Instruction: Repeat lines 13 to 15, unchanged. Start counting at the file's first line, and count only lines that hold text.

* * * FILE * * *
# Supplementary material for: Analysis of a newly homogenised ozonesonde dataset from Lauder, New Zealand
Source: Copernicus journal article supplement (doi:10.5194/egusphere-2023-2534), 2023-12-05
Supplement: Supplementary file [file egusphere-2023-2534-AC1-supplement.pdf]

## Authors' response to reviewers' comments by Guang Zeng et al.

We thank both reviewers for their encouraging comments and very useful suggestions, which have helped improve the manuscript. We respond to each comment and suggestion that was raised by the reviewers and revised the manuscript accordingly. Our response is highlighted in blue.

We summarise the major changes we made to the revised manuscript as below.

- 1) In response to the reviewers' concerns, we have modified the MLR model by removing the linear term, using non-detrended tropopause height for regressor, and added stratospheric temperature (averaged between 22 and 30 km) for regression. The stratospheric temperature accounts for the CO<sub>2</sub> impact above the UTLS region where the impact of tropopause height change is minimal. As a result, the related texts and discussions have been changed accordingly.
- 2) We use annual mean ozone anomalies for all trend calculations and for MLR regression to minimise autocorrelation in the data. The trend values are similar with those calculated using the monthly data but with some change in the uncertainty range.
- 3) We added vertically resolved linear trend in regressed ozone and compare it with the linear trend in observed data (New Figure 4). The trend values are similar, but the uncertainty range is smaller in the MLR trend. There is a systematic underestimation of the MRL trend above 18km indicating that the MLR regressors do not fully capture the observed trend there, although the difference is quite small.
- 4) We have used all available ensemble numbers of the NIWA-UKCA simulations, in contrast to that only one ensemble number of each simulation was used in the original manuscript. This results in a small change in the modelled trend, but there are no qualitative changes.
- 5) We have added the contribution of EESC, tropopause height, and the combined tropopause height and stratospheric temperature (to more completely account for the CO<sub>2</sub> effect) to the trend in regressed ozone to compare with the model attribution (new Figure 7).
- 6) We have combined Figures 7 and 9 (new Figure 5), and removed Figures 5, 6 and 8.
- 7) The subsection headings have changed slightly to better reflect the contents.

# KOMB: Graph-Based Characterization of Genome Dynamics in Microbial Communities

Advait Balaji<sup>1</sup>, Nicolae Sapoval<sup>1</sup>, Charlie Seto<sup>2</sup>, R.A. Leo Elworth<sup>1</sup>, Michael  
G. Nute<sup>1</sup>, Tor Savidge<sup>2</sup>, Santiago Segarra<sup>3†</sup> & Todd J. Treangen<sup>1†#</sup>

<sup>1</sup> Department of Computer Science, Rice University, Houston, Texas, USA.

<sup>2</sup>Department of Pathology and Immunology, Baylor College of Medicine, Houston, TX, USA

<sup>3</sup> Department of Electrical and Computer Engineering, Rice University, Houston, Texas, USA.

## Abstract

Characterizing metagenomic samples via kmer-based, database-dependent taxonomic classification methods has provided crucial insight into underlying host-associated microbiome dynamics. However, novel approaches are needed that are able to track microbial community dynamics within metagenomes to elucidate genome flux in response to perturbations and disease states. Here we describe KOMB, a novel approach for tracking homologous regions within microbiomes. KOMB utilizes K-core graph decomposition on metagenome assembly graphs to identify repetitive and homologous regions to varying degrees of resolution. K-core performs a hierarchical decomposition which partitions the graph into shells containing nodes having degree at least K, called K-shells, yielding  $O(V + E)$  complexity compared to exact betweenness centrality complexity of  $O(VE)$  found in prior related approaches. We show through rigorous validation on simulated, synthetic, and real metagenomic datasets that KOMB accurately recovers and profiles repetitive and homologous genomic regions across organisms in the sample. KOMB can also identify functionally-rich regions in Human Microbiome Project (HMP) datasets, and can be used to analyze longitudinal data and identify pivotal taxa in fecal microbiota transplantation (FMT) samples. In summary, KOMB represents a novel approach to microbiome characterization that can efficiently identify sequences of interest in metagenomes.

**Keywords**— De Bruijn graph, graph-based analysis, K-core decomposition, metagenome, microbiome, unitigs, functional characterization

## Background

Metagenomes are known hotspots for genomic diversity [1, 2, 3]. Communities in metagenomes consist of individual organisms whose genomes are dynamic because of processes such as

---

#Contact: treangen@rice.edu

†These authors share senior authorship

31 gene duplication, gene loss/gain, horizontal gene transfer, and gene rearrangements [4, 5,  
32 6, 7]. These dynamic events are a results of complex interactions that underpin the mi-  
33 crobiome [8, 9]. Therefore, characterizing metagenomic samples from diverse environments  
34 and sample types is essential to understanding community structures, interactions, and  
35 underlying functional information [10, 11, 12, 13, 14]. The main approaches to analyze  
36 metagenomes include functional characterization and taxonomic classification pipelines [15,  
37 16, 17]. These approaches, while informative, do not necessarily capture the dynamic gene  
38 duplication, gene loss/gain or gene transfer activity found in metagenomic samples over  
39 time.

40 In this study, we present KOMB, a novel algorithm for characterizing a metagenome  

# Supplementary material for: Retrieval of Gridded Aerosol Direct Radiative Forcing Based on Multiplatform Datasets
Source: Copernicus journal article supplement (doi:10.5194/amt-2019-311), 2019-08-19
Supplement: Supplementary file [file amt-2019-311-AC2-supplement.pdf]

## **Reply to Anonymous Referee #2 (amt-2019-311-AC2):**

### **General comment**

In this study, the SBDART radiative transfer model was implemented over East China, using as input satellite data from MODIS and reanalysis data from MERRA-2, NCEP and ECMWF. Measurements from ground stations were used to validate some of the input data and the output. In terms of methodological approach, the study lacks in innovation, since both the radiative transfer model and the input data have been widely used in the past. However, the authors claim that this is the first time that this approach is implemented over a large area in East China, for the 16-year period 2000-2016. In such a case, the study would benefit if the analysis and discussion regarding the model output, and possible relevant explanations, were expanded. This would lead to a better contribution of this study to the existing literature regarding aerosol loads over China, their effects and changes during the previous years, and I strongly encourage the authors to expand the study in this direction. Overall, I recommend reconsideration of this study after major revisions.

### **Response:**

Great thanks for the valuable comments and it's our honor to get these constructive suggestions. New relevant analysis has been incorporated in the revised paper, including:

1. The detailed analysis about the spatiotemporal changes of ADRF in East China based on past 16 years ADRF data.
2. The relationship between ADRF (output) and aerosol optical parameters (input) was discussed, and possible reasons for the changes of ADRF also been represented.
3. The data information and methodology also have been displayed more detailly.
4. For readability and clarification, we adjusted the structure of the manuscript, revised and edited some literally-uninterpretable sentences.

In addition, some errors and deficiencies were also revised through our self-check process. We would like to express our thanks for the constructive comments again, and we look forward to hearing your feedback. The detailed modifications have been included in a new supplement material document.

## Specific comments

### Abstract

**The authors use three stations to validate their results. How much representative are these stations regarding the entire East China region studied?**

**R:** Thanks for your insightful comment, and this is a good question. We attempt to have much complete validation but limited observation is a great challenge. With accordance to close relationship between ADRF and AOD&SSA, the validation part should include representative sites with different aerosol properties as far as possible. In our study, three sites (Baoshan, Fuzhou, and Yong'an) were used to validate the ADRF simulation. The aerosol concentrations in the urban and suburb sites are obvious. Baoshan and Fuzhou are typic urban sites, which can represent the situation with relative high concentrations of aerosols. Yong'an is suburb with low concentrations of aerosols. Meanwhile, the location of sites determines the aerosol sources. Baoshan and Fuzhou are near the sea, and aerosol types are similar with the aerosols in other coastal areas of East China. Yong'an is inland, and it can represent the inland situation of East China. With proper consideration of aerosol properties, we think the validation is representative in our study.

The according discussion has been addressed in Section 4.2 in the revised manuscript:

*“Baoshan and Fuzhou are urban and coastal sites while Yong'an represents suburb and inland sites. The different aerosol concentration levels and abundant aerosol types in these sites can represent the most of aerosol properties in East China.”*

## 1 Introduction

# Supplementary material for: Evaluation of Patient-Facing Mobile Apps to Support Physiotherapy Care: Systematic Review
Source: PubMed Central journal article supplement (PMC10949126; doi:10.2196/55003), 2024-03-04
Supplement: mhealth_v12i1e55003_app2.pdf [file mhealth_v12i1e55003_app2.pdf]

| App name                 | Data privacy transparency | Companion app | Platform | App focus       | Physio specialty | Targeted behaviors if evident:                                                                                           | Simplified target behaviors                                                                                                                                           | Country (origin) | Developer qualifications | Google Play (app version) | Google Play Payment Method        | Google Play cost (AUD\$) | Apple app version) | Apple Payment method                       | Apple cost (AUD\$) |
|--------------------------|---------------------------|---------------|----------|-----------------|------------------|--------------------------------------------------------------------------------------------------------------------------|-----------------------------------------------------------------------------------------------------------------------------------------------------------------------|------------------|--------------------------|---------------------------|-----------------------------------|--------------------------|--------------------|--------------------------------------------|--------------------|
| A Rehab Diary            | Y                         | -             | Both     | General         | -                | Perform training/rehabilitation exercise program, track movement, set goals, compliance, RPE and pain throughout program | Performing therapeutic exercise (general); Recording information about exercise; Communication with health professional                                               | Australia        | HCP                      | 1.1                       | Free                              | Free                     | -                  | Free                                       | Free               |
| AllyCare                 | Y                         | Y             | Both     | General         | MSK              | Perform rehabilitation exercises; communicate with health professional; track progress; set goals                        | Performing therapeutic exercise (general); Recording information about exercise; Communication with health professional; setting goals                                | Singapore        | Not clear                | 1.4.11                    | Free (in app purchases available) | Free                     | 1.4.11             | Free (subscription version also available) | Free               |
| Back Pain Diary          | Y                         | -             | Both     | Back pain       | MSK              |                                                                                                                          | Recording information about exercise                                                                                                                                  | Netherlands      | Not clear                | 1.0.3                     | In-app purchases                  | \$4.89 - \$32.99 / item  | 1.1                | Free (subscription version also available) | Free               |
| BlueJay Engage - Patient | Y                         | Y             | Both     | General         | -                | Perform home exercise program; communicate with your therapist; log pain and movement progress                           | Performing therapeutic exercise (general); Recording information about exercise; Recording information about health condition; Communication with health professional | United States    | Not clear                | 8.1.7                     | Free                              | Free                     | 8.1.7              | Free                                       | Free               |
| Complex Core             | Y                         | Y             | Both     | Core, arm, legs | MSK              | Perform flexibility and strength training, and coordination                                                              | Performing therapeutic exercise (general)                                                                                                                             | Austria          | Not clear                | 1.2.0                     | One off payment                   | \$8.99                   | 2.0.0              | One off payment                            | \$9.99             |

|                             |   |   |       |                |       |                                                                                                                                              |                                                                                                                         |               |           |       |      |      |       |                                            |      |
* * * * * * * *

- 7) The subsection headings have changed slightly to better reflect the contents.

# KOMB: Graph-Based Characterization of Genome Dynamics in Microbial Communities

Advait Balaji<sup>1</sup>, Nicolae Sapoval<sup>1</sup>, Charlie Seto<sup>2</sup>, R.A. Leo Elworth<sup>1</sup>, Michael  